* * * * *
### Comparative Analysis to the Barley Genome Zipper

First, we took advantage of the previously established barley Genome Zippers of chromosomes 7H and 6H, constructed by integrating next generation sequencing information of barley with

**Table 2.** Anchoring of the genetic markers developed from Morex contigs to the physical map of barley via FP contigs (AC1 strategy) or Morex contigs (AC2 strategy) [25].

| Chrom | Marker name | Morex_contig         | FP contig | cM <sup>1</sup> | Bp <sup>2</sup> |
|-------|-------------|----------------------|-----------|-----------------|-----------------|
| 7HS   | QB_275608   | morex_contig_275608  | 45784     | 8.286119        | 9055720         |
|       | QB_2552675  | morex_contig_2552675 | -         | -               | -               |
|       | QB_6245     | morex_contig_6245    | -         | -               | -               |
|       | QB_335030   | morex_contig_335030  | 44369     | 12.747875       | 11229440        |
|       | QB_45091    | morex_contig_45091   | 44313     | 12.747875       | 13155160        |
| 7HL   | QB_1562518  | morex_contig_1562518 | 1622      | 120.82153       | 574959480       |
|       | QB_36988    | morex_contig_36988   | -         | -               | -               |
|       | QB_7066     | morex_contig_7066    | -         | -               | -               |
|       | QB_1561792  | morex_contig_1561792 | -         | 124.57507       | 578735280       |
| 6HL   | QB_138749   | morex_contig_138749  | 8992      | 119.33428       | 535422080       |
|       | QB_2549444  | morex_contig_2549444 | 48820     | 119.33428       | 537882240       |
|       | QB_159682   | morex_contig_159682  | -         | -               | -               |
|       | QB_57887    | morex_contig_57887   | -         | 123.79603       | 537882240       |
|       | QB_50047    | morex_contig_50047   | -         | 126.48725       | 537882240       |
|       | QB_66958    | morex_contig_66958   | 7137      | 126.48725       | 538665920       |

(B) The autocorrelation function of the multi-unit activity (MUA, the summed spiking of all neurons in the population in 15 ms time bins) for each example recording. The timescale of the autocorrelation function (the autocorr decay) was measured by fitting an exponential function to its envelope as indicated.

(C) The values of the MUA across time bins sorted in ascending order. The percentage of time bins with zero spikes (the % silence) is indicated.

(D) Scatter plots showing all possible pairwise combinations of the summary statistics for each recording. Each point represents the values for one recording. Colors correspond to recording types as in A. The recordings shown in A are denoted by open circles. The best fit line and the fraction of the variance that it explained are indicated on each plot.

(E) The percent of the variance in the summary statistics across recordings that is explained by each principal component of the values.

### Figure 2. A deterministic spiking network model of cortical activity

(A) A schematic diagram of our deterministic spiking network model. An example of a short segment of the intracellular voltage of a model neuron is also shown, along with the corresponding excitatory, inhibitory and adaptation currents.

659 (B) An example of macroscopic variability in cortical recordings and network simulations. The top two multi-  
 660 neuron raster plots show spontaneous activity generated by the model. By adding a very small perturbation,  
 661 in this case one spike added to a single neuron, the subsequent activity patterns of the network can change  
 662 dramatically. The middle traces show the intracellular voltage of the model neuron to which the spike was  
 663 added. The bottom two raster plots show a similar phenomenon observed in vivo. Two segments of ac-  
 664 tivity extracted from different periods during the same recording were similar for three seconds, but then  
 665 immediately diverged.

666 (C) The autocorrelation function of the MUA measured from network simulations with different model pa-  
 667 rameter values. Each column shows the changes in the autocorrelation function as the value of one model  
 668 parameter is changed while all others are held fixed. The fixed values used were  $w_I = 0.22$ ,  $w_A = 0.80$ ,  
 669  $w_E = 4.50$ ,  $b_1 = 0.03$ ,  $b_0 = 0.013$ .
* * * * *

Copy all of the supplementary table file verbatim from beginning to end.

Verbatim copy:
### Comparative Analysis to the Barley Genome Zipper

First, we took advantage of the previously established barley Genome Zippers of chromosomes 7H and 6H, constructed by integrating next generation sequencing information of barley with

**Table 2.** Anchoring of the genetic markers developed from Morex contigs to the physical map of barley via FP contigs (AC1 strategy) or Morex contigs (AC2 strategy) [25].

| Chrom | Marker name | Morex_contig         | FP contig | cM <sup>1</sup> | Bp <sup>2</sup> |
|-------|-------------|----------------------|-----------|-----------------|-----------------|
| 7HS   | QB_275608   | morex_contig_275608  | 45784     | 8.286119        | 9055720         |
|       | QB_2552675  | morex_contig_2552675 | -         | -               | -               |
|       | QB_6245     | morex_contig_6245    | -         | -               | -               |
|       | QB_335030   | morex_contig_335030  | 44369     | 12.747875       | 11229440        |
|       | QB_45091    | morex_contig_45091   | 44313     | 12.747875       | 13155160        |
| 7HL   | QB_1562518  | morex_contig_1562518 | 1622      | 120.82153       | 574959480       |
|       | QB_36988    | morex_contig_36988   | -         | -               | -               |
|       | QB_7066     | morex_contig_7066    | -         | -               | -               |
|       | QB_1561792  | morex_contig_1561792 | -         | 124.57507       | 578735280       |
| 6HL   | QB_138749   | morex_contig_138749  | 8992      | 119.33428       | 535422080       |
|       | QB_2549444  | morex_contig_2549444 | 48820     | 119.33428       | 537882240       |
|       | QB_159682   | morex_contig_159682  | -         | -               | -               |
|       | QB_57887    | morex_contig_57887   | -         | 123.79603       | 537882240       |
|       | QB_50047    | morex_contig_50047   | -         | 126.48725       | 537882240       |
|       | QB_66958    | morex_contig_66958   | 7137      | 126.48725       | 538665920       |

(B) The autocorrelation function of the multi-unit activity (MUA, the summed spiking of all neurons in the population in 15 ms time bins) for each example recording. The timescale of the autocorrelation function (the autocorr decay) was measured by fitting an exponential function to its envelope as indicated.

(C) The values of the MUA across time bins sorted in ascending order. The percentage of time bins with zero spikes (the % silence) is indicated.

(D) Scatter plots showing all possible pairwise combinations of the summary statistics for each recording. Each point represents the values for one recording. Colors correspond to recording types as in A. The recordings shown in A are denoted by open circles. The best fit line and the fraction of the variance that it explained are indicated on each plot.

(E) The percent of the variance in the summary statistics across recordings that is explained by each principal component of the values.

### Figure 2. A deterministic spiking network model of cortical activity

(A) A schematic diagram of our deterministic spiking network model. An example of a short segment of the intracellular voltage of a model neuron is also shown, along with the corresponding excitatory, inhibitory and adaptation currents.

659 (B) An example of macroscopic variability in cortical recordings and network simulations. The top two multi-  
 660 neuron raster plots show spontaneous activity generated by the model. By adding a very small perturbation,  
 661 in this case one spike added to a single neuron, the subsequent activity patterns of the network can change  
 662 dramatically. The middle traces show the intracellular voltage of the model neuron to which the spike was  
 663 added. The bottom two raster plots show a similar phenomenon observed in vivo. Two segments of ac-  
 664 tivity extracted from different periods during the same recording were similar for three seconds, but then  
 665 immediately diverged.

666 (C) The autocorrelation function of the MUA measured from network simulations with different model pa-  
 667 rameter values. Each column shows the changes in the autocorrelation function as the value of one model  
 668 parameter is changed while all others are held fixed. The fixed values used were  $w_I = 0.22$ ,  $w_A = 0.80$ ,  
 669  $w_E = 4.50$ ,  $b_1 = 0.03$ ,  $b_0 = 0.013$ .